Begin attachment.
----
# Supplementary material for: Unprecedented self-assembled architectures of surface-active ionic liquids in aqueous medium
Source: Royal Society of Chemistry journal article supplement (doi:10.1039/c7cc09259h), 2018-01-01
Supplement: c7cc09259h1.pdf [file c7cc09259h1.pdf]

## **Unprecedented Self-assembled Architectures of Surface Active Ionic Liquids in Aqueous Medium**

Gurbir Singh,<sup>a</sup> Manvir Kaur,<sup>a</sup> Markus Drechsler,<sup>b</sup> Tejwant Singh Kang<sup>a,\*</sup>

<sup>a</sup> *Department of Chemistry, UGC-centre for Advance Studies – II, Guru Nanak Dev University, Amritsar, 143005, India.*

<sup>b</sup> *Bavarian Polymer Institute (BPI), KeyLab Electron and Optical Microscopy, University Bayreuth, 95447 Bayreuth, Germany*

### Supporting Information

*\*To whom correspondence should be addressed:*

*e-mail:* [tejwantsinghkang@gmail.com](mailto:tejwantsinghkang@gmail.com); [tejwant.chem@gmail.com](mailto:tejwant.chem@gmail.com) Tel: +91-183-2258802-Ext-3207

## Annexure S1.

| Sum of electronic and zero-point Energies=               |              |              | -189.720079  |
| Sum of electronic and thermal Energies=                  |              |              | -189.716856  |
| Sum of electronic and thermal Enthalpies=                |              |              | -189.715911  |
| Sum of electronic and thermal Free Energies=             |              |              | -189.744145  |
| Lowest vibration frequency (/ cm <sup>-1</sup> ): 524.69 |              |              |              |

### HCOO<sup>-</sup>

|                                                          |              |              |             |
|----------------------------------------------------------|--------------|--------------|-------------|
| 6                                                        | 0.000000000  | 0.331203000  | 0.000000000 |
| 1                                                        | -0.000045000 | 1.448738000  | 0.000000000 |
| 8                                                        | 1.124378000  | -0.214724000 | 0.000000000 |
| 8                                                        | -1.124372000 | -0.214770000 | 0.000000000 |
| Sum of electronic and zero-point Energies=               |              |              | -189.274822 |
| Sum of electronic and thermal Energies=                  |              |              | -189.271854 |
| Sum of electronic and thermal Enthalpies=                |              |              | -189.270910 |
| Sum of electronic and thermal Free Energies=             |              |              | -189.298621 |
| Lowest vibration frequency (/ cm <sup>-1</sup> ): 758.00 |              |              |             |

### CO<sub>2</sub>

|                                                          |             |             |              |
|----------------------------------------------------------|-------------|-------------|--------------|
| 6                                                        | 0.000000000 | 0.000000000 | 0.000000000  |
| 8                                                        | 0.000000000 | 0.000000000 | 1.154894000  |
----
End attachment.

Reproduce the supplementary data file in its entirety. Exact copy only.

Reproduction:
# Supplementary material for: Unprecedented self-assembled architectures of surface-active ionic liquids in aqueous medium
Source: Royal Society of Chemistry journal article supplement (doi:10.1039/c7cc09259h), 2018-01-01
Supplement: c7cc09259h1.pdf [file c7cc09259h1.pdf]

## **Unprecedented Self-assembled Architectures of Surface Active Ionic Liquids in Aqueous Medium**

Gurbir Singh,<sup>a</sup> Manvir Kaur,<sup>a</sup> Markus Drechsler,<sup>b</sup> Tejwant Singh Kang<sup>a,\*</sup>

<sup>a</sup> *Department of Chemistry, UGC-centre for Advance Studies – II, Guru Nanak Dev University, Amritsar, 143005, India.*

<sup>b</sup> *Bavarian Polymer Institute (BPI), KeyLab Electron and Optical Microscopy, University Bayreuth, 95447 Bayreuth, Germany*

### Supporting Information

*\*To whom correspondence should be addressed:*

*e-mail:* [tejwantsinghkang@gmail.com](mailto:tejwantsinghkang@gmail.com); [tejwant.chem@gmail.com](mailto:tejwant.chem@gmail.com) Tel: +91-183-2258802-Ext-3207

## Annexure S1.

| Sum of electronic and zero-point Energies=               |              |              | -189.720079  |
| Sum of electronic and thermal Energies=                  |              |              | -189.716856  |
| Sum of electronic and thermal Enthalpies=                |              |              | -189.715911  |
| Sum of electronic and thermal Free Energies=             |              |              | -189.744145  |
| Lowest vibration frequency (/ cm <sup>-1</sup> ): 524.69 |              |              |              |

### HCOO<sup>-</sup>

|                                                          |              |              |             |
|----------------------------------------------------------|--------------|--------------|-------------|
| 6                                                        | 0.000000000  | 0.331203000  | 0.000000000 |
| 1                                                        | -0.000045000 | 1.448738000  | 0.000000000 |
| 8                                                        | 1.124378000  | -0.214724000 | 0.000000000 |
| 8                                                        | -1.124372000 | -0.214770000 | 0.000000000 |
| Sum of electronic and zero-point Energies=               |              |              | -189.274822 |
| Sum of electronic and thermal Energies=                  |              |              | -189.271854 |
| Sum of electronic and thermal Enthalpies=                |              |              | -189.270910 |
| Sum of electronic and thermal Free Energies=             |              |              | -189.298621 |
| Lowest vibration frequency (/ cm <sup>-1</sup> ): 758.00 |              |              |             |

### CO<sub>2</sub>

|                                                          |             |             |              |
|----------------------------------------------------------|-------------|-------------|--------------|
| 6                                                        | 0.000000000 | 0.000000000 | 0.000000000  |
| 8                                                        | 0.000000000 | 0.000000000 | 1.154894000  |